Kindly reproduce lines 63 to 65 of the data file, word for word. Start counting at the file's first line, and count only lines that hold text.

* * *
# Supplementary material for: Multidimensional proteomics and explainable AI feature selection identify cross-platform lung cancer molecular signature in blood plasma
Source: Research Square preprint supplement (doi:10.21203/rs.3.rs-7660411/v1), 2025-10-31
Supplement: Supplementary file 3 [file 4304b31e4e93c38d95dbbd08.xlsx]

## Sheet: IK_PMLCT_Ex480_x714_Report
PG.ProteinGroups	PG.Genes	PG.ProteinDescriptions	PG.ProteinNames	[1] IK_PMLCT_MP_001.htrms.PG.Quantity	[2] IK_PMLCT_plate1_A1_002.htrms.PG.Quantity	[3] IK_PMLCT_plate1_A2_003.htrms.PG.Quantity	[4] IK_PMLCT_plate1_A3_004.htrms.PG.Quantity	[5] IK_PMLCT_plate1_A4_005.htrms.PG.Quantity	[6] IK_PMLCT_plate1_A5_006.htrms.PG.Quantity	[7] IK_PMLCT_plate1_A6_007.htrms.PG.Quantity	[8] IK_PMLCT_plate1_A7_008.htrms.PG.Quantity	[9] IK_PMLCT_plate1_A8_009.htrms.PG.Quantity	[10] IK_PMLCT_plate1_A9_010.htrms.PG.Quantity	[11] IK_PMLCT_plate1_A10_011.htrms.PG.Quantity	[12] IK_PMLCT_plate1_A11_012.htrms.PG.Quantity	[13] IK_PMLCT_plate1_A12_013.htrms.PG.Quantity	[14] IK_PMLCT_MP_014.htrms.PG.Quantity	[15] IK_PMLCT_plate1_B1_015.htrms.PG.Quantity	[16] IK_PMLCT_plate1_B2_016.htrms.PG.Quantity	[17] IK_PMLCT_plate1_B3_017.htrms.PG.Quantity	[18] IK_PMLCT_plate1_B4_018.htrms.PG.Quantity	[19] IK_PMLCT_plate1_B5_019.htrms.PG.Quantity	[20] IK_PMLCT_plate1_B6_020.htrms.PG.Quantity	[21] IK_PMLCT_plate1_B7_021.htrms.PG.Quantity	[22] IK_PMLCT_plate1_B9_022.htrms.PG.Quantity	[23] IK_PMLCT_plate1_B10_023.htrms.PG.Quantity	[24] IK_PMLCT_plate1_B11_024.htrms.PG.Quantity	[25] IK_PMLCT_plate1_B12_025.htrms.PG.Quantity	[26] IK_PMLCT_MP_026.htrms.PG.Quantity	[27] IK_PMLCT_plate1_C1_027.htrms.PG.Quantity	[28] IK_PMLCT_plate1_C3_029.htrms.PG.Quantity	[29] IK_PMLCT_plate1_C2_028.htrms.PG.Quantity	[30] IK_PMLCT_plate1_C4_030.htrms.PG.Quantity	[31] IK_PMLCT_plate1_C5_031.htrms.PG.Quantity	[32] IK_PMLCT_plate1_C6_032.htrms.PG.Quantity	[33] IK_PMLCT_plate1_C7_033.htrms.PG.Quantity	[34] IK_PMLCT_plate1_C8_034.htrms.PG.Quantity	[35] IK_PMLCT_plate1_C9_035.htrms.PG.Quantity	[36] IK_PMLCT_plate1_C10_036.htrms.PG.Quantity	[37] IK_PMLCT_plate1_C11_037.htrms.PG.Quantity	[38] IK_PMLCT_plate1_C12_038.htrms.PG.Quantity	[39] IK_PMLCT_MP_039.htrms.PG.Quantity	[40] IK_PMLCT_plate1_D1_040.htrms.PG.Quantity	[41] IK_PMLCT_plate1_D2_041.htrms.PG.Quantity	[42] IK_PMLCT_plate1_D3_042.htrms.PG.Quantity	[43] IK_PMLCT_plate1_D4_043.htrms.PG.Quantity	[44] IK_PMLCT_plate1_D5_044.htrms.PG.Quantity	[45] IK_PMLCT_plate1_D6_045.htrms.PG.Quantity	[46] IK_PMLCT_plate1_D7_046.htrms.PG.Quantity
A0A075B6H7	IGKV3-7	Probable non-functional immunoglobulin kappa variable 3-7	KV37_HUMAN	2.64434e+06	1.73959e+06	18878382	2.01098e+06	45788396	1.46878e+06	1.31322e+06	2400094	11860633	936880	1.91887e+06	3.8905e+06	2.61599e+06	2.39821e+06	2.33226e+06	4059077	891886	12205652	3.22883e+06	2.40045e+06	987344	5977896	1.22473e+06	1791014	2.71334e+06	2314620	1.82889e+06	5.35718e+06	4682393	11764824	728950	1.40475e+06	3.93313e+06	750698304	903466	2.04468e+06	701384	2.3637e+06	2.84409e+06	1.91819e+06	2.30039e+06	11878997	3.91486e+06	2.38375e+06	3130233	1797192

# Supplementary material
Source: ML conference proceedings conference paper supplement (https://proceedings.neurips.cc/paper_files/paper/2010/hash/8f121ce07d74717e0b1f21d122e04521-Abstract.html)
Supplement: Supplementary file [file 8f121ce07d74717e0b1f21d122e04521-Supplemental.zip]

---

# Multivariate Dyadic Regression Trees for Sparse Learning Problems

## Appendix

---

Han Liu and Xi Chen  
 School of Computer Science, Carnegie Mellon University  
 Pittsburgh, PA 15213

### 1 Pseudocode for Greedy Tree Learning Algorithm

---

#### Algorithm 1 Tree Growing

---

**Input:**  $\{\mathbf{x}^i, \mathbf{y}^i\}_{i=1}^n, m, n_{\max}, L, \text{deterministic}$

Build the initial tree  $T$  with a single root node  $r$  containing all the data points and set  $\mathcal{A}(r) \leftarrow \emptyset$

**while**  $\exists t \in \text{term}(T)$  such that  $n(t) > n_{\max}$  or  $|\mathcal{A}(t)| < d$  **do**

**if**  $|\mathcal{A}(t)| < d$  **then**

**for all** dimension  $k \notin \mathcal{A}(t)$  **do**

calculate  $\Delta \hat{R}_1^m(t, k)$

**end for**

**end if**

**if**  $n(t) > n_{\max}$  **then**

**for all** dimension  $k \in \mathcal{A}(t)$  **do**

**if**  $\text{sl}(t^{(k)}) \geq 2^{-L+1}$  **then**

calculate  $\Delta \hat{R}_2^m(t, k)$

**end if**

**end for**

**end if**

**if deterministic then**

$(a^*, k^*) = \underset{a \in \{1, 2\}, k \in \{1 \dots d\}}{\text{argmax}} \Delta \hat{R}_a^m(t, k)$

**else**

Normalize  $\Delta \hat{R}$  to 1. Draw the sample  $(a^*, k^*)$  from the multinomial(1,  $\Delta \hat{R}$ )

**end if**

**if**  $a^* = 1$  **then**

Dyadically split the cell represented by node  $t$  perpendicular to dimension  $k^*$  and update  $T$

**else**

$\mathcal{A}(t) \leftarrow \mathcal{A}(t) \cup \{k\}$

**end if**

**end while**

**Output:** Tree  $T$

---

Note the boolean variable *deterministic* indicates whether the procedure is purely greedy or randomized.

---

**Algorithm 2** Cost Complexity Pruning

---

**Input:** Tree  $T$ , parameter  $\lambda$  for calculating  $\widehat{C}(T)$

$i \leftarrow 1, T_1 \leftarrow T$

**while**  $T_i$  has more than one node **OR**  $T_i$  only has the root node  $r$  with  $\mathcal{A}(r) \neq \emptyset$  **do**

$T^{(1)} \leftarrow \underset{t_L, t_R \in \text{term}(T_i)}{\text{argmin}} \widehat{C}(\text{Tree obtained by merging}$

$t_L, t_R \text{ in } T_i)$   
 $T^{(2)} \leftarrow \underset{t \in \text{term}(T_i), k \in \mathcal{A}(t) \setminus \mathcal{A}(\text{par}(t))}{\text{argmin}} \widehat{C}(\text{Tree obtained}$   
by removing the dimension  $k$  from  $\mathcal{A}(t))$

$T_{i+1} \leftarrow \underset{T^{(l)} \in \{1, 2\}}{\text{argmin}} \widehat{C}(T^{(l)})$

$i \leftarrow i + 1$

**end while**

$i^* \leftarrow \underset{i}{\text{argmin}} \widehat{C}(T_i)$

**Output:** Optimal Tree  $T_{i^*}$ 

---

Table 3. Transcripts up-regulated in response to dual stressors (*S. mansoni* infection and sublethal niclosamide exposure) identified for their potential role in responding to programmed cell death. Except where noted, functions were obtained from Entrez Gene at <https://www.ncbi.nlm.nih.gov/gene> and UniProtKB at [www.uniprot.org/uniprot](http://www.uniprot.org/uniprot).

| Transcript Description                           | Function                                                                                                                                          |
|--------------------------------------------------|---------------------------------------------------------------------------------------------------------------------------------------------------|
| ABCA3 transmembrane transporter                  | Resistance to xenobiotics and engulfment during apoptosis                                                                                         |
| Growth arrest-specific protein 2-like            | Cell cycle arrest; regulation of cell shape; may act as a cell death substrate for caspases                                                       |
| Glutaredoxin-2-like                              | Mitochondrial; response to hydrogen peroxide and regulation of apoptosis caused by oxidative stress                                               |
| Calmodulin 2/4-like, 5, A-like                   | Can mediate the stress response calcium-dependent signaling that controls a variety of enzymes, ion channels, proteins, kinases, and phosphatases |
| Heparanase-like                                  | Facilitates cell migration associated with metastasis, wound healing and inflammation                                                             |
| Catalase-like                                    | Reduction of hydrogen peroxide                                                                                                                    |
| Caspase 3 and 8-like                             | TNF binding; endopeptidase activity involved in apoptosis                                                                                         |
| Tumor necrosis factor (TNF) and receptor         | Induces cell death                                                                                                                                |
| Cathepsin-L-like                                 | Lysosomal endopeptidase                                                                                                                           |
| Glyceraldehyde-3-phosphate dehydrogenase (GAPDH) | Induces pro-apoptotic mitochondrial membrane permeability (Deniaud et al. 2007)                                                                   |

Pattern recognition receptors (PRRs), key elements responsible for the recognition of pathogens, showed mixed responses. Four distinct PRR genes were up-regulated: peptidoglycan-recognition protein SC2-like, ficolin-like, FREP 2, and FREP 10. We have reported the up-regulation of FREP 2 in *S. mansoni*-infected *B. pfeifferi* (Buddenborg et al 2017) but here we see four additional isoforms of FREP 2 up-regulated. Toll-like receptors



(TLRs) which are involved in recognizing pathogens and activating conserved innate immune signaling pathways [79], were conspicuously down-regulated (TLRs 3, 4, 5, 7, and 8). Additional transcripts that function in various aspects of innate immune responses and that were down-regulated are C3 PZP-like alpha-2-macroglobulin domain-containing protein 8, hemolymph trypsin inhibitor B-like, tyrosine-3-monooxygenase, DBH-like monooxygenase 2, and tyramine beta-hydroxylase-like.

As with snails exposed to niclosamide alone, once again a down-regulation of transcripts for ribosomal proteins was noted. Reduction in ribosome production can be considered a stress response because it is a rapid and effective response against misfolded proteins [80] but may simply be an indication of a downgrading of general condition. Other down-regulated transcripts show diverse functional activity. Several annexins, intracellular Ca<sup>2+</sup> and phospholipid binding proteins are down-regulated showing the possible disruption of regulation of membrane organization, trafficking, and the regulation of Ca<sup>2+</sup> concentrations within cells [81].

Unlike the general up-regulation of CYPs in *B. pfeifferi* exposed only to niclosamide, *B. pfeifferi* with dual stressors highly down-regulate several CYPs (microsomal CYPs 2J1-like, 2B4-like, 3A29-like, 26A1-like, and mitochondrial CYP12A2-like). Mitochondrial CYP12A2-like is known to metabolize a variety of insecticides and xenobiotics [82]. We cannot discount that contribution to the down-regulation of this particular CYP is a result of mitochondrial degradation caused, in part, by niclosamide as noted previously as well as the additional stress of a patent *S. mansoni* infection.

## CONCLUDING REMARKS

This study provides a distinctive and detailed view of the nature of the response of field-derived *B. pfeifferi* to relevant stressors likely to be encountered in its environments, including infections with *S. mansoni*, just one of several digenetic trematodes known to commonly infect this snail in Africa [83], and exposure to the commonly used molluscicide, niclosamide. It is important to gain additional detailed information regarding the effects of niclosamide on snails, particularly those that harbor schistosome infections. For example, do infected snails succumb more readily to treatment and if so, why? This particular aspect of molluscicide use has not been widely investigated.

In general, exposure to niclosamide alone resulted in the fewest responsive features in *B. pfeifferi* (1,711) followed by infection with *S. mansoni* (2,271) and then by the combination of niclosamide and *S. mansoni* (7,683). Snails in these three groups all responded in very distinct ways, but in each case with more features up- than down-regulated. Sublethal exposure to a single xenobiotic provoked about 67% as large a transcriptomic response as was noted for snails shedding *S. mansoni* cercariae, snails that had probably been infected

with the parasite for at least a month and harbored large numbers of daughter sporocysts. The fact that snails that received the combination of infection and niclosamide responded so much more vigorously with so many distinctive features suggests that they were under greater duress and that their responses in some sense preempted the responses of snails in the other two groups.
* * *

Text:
$i^* \leftarrow \underset{i}{\text{argmin}} \widehat{C}(T_i)$

**Output:** Optimal Tree  $T_{i^*}$ 

---